AuthorTopic: Trumpty-Dumpty POTUS Thread  (Read 100082 times)

Offline Palloy2

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Re: Trumpty-Dumpty POTUS Thread
« Reply #1320 on: July 05, 2018, 07:38:32 PM »
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Wikipedia: Warmbier was freed in June 2017, still in a comatose state after 17 months in captivity. He was repatriated to the United States, arriving in Cincinnati, Ohio, on June 13. He was taken to University of Cincinnati Medical Center for immediate evaluation and treatment, where his U.S. physicians found no evidence of botulism. Nevertheless, a coroner's report was unable to identify the cause of the injury, finding no obvious evidence of physical torture on Warmbier's body.[1] Warmbier never regained consciousness and died on June 19, 2017, six days after his return to the United States. U.S. officials blamed North Korea for his death.

So he wasn't dead when he was released, wasn't poisoned with botulism, wasn't tortured, and yet US officials blamed North Korea for his death.

On what evidence? - none.  You dishonest US apologist.  Are you on CIA's payroll?  I have NEVER been a NK apologist, I'm only saying he has had a bad press at the hands of the US.

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I think those dead bodies are plenty of evidence

What dead bodies?

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Because the Master of the "Art of the Deal" ran his mouth and got nothing. Kim agreed to a lot of ill-defined and empty promises and feasted on Trump's bloated ego.

What did they actually agree to?

To establish new U.S.-DPRK relations in accordance with the desire of the peoples of the two countries for peace and prosperity.
To build a lasting and stable peace regime on the Korean Peninsula.
"Reaffirming the April 27, 2018, Panmunjom Declaration, the DPRK commits to work towards the complete denuclearization of the Korean Peninsula."
To recovering POW/MIA remains.

Where are the definables? Measurables? You'd think that the administration might press these points with NK, but crickets. Where are the US commitments? Trump got his photo op with Little Kim, and made the case that a handful of nutcase fundamentalists will press for his Nobel Peace Prize. So he's done, and has moved on.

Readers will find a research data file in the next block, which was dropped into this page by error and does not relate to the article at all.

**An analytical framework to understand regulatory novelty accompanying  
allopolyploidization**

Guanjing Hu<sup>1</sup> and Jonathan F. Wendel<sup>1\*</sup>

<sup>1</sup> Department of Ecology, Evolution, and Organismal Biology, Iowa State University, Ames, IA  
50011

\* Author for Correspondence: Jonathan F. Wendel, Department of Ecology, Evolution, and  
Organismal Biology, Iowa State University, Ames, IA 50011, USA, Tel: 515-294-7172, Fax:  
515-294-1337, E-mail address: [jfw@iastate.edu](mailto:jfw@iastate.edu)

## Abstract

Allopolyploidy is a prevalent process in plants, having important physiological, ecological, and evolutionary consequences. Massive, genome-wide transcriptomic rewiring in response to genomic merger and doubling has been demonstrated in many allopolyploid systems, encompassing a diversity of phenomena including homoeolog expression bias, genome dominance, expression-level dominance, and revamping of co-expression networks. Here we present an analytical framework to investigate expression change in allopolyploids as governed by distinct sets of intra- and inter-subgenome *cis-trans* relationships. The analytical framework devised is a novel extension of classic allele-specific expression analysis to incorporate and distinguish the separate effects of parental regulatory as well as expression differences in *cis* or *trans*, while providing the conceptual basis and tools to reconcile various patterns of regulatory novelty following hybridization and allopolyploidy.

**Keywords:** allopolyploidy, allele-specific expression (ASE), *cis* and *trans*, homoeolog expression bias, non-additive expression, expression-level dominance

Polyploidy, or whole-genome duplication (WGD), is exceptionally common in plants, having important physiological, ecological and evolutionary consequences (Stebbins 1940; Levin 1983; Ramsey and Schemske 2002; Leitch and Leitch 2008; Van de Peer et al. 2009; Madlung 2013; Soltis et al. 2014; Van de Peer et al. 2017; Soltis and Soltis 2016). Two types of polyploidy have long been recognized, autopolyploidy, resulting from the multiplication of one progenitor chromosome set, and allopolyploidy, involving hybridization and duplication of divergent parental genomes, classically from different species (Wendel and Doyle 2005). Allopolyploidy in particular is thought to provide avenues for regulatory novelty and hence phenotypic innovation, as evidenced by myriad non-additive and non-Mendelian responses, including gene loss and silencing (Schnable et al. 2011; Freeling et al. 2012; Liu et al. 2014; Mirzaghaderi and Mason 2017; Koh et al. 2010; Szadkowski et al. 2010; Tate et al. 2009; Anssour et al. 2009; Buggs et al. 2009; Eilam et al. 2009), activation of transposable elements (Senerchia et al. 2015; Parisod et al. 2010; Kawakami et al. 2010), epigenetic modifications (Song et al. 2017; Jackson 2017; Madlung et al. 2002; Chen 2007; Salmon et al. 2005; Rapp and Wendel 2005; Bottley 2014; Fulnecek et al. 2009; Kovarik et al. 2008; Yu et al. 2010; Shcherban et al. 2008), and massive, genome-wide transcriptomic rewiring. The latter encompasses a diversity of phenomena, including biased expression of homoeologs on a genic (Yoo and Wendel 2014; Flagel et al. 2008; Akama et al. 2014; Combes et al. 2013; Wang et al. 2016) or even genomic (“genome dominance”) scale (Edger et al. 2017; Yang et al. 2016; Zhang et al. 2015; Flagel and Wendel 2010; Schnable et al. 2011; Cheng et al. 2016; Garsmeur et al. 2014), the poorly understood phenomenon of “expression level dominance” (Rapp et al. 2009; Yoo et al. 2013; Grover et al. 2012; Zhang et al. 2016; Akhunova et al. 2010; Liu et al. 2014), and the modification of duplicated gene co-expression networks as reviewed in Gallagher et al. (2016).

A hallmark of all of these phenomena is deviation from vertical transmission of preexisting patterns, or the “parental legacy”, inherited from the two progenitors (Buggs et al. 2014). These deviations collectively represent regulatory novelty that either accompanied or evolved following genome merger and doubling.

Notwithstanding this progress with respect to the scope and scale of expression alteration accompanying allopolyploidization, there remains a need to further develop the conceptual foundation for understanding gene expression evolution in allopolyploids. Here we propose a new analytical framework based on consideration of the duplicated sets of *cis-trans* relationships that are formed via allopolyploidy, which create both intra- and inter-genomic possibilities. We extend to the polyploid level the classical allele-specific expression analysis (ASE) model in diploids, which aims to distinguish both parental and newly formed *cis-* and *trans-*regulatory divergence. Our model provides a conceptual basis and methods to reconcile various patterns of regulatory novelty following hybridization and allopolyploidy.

I agree with all that.

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This non-event was about nothing more than that.

You think Trump is going to bend history? He can't even read it. But you go ahead and keep blaming the media, all of whom are on the CIA payroll anyhow.

But it ISN'T finished.  There are still hawks who want to start a war on NK, and the negotiations have been left so that they can be renounced at any time, for any reason.
"The State is a body of armed men."

Offline Agent Graves

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Re: Trumpty-Dumpty POTUS Thread
« Reply #1321 on: July 05, 2018, 08:13:44 PM »
This non-event was about nothing more than that.

....all of whom are on the CIA payroll anyhow.

I would like to be wrong, but my cynic says this ends up a formality to satisfy "hey we tried".

Maybe the South China Morning Post, is picking on the fat brat for the CIA too:

https://www.scmp.com/news/china/diplomacy-defence/article/2100944/seeking-refuge-slavery-how-north-koreans-become-victims
 

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Offline Surly1

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Re: Trumpty-Dumpty POTUS Thread
« Reply #1322 on: July 06, 2018, 01:48:38 AM »
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Wikipedia: Warmbier was freed in June 2017, still in a comatose state after 17 months in captivity. He was repatriated to the United States, arriving in Cincinnati, Ohio, on June 13. He was taken to University of Cincinnati Medical Center for immediate evaluation and treatment, where his U.S. physicians found no evidence of botulism. Nevertheless, a coroner's report was unable to identify the cause of the injury, finding no obvious evidence of physical torture on Warmbier's body.[1] Warmbier never regained consciousness and died on June 19, 2017, six days after his return to the United States. U.S. officials blamed North Korea for his death.

So he wasn't dead when he was released, wasn't poisoned with botulism, wasn't tortured, and yet US officials blamed North Korea for his death.